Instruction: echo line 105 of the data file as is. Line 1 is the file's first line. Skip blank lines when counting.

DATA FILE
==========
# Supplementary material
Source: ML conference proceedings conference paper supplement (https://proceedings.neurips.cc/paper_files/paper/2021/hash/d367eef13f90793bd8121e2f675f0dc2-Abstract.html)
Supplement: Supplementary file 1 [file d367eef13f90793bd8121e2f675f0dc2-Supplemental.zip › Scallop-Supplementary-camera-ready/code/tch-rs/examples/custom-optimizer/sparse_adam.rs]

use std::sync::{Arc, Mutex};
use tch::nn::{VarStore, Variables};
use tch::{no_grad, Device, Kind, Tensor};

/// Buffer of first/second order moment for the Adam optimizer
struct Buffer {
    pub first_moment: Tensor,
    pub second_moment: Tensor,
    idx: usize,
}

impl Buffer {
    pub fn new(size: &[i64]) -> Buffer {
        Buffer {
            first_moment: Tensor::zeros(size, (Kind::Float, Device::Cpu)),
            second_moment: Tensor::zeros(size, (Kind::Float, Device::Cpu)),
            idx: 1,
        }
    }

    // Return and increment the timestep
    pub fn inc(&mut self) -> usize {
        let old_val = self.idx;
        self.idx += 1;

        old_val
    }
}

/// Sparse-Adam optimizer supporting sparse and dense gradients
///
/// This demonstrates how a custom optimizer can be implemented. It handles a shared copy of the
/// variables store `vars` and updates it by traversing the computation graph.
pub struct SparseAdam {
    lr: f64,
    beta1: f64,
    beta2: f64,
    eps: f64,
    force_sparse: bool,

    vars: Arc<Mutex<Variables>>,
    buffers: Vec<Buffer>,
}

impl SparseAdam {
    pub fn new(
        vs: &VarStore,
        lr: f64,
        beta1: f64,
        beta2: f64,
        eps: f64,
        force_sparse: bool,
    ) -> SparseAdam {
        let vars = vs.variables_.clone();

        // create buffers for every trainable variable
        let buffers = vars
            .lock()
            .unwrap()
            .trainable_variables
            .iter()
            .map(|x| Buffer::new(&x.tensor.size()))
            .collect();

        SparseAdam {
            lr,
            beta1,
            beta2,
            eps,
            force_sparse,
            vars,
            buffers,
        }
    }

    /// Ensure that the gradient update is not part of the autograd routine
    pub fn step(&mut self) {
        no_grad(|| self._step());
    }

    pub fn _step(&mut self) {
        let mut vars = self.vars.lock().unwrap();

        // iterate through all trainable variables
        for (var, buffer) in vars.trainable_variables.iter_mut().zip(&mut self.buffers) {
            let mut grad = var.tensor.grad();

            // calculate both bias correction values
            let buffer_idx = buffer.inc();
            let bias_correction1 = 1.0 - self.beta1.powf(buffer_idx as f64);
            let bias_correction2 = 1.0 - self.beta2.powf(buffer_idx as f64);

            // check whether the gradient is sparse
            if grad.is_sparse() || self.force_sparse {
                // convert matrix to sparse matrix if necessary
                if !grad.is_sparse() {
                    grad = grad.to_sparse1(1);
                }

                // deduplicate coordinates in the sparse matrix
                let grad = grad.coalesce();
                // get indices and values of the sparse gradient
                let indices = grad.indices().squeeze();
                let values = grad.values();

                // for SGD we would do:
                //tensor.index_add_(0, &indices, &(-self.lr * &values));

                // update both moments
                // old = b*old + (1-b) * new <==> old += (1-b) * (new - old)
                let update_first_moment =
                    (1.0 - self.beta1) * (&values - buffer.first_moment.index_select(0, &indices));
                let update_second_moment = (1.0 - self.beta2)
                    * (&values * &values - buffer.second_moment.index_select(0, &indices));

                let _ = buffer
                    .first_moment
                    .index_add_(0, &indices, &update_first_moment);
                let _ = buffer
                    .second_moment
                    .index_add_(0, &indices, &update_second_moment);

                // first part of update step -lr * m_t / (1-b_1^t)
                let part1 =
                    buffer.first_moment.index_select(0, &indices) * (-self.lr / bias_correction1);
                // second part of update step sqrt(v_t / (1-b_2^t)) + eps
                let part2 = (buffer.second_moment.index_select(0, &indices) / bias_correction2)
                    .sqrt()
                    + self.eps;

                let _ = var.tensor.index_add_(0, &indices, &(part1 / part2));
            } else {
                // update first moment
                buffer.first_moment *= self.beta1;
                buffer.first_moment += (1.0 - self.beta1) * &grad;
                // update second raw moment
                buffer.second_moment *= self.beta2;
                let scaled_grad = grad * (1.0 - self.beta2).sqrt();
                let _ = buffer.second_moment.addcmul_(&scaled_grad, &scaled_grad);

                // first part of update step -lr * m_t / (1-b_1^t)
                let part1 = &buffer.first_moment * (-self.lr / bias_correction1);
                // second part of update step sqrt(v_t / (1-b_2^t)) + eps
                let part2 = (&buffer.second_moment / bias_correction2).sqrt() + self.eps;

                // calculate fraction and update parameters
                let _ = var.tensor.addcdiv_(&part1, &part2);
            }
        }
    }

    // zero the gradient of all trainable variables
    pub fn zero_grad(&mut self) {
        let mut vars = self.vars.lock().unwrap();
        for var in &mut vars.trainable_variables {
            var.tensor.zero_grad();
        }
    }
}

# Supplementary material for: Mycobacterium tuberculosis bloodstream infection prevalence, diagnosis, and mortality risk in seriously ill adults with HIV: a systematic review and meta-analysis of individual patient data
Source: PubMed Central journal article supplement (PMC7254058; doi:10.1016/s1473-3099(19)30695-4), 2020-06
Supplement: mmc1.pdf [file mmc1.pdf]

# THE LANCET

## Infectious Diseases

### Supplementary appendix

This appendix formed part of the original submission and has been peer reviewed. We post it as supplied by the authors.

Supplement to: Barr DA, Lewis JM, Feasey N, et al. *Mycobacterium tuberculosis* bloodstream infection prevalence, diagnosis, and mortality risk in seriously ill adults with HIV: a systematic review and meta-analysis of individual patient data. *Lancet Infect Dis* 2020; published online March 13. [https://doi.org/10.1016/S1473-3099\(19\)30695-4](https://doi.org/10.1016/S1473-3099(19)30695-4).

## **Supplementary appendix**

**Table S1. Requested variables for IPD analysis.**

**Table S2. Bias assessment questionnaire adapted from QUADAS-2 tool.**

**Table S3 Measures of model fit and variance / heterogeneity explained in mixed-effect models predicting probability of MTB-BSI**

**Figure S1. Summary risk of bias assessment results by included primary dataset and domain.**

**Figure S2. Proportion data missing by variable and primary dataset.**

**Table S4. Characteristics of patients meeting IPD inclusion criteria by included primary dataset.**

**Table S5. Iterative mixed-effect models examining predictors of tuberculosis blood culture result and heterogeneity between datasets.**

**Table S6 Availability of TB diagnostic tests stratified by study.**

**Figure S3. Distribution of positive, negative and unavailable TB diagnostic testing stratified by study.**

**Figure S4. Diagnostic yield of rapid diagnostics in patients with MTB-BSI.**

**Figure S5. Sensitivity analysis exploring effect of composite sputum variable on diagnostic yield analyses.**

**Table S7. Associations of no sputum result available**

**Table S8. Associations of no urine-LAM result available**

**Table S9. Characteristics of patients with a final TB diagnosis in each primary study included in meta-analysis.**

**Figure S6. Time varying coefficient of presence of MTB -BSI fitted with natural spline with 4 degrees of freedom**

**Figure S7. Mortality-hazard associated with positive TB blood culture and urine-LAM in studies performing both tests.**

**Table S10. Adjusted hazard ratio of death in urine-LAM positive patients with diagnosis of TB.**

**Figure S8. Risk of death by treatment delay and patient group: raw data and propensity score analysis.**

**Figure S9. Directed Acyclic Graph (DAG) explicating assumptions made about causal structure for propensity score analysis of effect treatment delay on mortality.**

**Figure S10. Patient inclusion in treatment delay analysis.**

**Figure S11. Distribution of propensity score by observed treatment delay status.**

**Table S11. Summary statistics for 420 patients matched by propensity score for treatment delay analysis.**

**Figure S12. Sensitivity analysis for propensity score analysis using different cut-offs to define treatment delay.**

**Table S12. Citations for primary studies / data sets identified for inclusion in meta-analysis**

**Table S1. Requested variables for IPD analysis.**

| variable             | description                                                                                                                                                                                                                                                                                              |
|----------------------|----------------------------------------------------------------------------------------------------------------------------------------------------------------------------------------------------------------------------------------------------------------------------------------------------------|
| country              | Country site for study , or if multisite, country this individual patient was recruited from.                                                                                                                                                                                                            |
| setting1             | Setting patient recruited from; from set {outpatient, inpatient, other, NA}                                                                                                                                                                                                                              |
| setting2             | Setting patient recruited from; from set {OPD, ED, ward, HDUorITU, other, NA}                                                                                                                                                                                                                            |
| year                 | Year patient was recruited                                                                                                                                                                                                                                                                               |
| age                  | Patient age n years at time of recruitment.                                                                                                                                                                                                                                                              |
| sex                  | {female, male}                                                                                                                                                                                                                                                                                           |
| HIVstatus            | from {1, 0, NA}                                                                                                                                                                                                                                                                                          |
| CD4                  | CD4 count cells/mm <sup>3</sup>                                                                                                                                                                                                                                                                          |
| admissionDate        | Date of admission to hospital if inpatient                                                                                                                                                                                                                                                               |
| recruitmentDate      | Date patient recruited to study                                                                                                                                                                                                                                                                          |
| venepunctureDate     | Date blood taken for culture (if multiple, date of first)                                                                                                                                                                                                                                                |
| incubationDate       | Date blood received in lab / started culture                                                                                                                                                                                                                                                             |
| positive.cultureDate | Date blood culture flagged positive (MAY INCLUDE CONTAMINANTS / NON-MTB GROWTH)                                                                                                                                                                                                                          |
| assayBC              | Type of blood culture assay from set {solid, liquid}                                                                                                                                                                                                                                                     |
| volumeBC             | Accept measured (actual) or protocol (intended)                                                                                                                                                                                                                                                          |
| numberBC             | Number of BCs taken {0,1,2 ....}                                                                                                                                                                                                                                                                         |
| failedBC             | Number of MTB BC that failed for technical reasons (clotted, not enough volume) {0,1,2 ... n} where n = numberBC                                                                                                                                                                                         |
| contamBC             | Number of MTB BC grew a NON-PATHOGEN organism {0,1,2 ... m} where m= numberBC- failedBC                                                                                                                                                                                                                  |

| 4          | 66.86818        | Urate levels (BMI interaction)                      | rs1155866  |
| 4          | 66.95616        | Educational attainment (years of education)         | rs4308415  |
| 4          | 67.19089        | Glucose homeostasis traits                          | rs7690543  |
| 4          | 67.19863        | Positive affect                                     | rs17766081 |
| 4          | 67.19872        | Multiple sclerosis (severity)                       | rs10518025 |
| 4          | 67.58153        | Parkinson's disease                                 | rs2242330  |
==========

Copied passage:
                    .second_moment